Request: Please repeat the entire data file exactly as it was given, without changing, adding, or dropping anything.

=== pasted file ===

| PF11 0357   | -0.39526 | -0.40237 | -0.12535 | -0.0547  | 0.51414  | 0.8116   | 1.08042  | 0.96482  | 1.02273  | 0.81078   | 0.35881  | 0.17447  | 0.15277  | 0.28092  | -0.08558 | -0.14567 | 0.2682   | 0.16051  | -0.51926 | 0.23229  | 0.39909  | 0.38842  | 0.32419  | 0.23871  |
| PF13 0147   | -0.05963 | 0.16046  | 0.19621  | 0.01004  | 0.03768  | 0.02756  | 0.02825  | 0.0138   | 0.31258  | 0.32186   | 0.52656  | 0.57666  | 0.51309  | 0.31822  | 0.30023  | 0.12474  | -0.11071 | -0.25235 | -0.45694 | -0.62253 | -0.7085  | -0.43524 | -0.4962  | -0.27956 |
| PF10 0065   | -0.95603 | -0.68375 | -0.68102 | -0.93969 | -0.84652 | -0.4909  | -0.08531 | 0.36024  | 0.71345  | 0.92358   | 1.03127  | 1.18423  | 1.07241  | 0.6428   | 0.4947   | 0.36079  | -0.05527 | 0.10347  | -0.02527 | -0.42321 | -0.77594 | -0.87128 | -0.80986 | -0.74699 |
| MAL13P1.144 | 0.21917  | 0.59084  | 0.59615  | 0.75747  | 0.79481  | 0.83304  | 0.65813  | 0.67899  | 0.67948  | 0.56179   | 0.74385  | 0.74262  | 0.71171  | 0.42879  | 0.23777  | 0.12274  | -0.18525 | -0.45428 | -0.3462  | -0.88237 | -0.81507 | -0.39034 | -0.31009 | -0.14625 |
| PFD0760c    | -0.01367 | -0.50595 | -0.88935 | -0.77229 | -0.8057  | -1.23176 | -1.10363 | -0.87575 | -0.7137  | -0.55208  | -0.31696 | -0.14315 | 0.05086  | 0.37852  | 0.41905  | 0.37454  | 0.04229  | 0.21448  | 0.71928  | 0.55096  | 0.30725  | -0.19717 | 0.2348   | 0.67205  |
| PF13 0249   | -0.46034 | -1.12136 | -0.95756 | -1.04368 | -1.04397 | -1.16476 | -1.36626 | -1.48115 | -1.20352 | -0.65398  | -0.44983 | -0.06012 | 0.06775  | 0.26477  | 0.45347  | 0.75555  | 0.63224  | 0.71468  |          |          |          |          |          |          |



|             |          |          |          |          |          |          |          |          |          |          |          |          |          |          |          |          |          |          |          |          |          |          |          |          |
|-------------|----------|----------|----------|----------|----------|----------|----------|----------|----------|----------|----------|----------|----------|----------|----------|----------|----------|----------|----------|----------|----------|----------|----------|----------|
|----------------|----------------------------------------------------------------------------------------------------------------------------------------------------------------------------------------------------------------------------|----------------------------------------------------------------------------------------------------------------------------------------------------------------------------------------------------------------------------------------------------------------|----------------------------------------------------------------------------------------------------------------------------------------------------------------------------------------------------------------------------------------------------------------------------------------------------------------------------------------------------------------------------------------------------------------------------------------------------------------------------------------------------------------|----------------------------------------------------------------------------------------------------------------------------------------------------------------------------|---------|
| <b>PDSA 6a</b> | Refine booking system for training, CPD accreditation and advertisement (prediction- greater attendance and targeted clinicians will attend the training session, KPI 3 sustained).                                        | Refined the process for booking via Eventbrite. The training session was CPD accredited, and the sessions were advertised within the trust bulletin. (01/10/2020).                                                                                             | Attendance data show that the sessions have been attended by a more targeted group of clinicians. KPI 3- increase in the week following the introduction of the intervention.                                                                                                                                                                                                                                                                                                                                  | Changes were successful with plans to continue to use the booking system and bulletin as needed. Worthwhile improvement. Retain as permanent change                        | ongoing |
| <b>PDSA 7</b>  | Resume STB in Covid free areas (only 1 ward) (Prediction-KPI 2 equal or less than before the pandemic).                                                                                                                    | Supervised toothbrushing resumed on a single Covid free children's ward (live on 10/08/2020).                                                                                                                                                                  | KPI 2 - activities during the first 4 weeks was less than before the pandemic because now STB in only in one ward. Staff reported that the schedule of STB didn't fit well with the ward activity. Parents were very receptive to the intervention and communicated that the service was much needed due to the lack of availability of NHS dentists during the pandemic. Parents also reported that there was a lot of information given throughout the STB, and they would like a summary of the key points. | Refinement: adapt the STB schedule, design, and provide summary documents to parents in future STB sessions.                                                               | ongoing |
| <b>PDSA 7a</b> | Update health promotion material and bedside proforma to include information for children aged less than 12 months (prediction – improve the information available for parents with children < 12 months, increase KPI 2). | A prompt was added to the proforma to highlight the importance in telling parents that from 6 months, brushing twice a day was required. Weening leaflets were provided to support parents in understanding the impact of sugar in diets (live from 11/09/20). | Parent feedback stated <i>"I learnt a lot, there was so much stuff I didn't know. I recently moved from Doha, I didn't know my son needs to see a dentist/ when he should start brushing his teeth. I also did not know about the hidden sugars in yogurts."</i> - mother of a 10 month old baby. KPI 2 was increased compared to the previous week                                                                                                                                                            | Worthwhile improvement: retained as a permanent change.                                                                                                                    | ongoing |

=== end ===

| PF11 0357   | -0.39526 | -0.40237 | -0.12535 | -0.0547  | 0.51414  | 0.8116   | 1.08042  | 0.96482  | 1.02273  | 0.81078   | 0.35881  | 0.17447  | 0.15277  | 0.28092  | -0.08558 | -0.14567 | 0.2682   | 0.16051  | -0.51926 | 0.23229  | 0.39909  | 0.38842  | 0.32419  | 0.23871  |
| PF13 0147   | -0.05963 | 0.16046  | 0.19621  | 0.01004  | 0.03768  | 0.02756  | 0.02825  | 0.0138   | 0.31258  | 0.32186   | 0.52656  | 0.57666  | 0.51309  | 0.31822  | 0.30023  | 0.12474  | -0.11071 | -0.25235 | -0.45694 | -0.62253 | -0.7085  | -0.43524 | -0.4962  | -0.27956 |
| PF10 0065   | -0.95603 | -0.68375 | -0.68102 | -0.93969 | -0.84652 | -0.4909  | -0.08531 | 0.36024  | 0.71345  | 0.92358   | 1.03127  | 1.18423  | 1.07241  | 0.6428   | 0.4947   | 0.36079  | -0.05527 | 0.10347  | -0.02527 | -0.42321 | -0.77594 | -0.87128 | -0.80986 | -0.74699 |
| MAL13P1.144 | 0.21917  | 0.59084  | 0.59615  | 0.75747  | 0.79481  | 0.83304  | 0.65813  | 0.67899  | 0.67948  | 0.56179   | 0.74385  | 0.74262  | 0.71171  | 0.42879  | 0.23777  | 0.12274  | -0.18525 | -0.45428 | -0.3462  | -0.88237 | -0.81507 | -0.39034 | -0.31009 | -0.14625 |
| PFD0760c    | -0.01367 | -0.50595 | -0.88935 | -0.77229 | -0.8057  | -1.23176 | -1.10363 | -0.87575 | -0.7137  | -0.55208  | -0.31696 | -0.14315 | 0.05086  | 0.37852  | 0.41905  | 0.37454  | 0.04229  | 0.21448  | 0.71928  | 0.55096  | 0.30725  | -0.19717 | 0.2348   | 0.67205  |
| PF13 0249   | -0.46034 | -1.12136 | -0.95756 | -1.04368 | -1.04397 | -1.16476 | -1.36626 | -1.48115 | -1.20352 | -0.65398  | -0.44983 | -0.06012 | 0.06775  | 0.26477  | 0.45347  | 0.75555  | 0.63224  | 0.71468  |          |          |          |          |          |          |



|             |          |          |          |          |          |          |          |          |          |          |          |          |          |          |          |          |          |          |          |          |          |          |          |          |
|-------------|----------|----------|----------|----------|----------|----------|----------|----------|----------|----------|----------|----------|----------|----------|----------|----------|----------|----------|----------|----------|----------|----------|----------|----------|
|----------------|----------------------------------------------------------------------------------------------------------------------------------------------------------------------------------------------------------------------------|----------------------------------------------------------------------------------------------------------------------------------------------------------------------------------------------------------------------------------------------------------------|----------------------------------------------------------------------------------------------------------------------------------------------------------------------------------------------------------------------------------------------------------------------------------------------------------------------------------------------------------------------------------------------------------------------------------------------------------------------------------------------------------------|----------------------------------------------------------------------------------------------------------------------------------------------------------------------------|---------|
| <b>PDSA 6a</b> | Refine booking system for training, CPD accreditation and advertisement (prediction- greater attendance and targeted clinicians will attend the training session, KPI 3 sustained).                                        | Refined the process for booking via Eventbrite. The training session was CPD accredited, and the sessions were advertised within the trust bulletin. (01/10/2020).                                                                                             | Attendance data show that the sessions have been attended by a more targeted group of clinicians. KPI 3- increase in the week following the introduction of the intervention.                                                                                                                                                                                                                                                                                                                                  | Changes were successful with plans to continue to use the booking system and bulletin as needed. Worthwhile improvement. Retain as permanent change                        | ongoing |
| <b>PDSA 7</b>  | Resume STB in Covid free areas (only 1 ward) (Prediction-KPI 2 equal or less than before the pandemic).                                                                                                                    | Supervised toothbrushing resumed on a single Covid free children's ward (live on 10/08/2020).                                                                                                                                                                  | KPI 2 - activities during the first 4 weeks was less than before the pandemic because now STB in only in one ward. Staff reported that the schedule of STB didn't fit well with the ward activity. Parents were very receptive to the intervention and communicated that the service was much needed due to the lack of availability of NHS dentists during the pandemic. Parents also reported that there was a lot of information given throughout the STB, and they would like a summary of the key points. | Refinement: adapt the STB schedule, design, and provide summary documents to parents in future STB sessions.                                                               | ongoing |
| <b>PDSA 7a</b> | Update health promotion material and bedside proforma to include information for children aged less than 12 months (prediction – improve the information available for parents with children < 12 months, increase KPI 2). | A prompt was added to the proforma to highlight the importance in telling parents that from 6 months, brushing twice a day was required. Weening leaflets were provided to support parents in understanding the impact of sugar in diets (live from 11/09/20). | Parent feedback stated <i>"I learnt a lot, there was so much stuff I didn't know. I recently moved from Doha, I didn't know my son needs to see a dentist/ when he should start brushing his teeth. I also did not know about the hidden sugars in yogurts."</i> - mother of a 10 month old baby. KPI 2 was increased compared to the previous week                                                                                                                                                            | Worthwhile improvement: retained as a permanent change.                                                                                                                    | ongoing |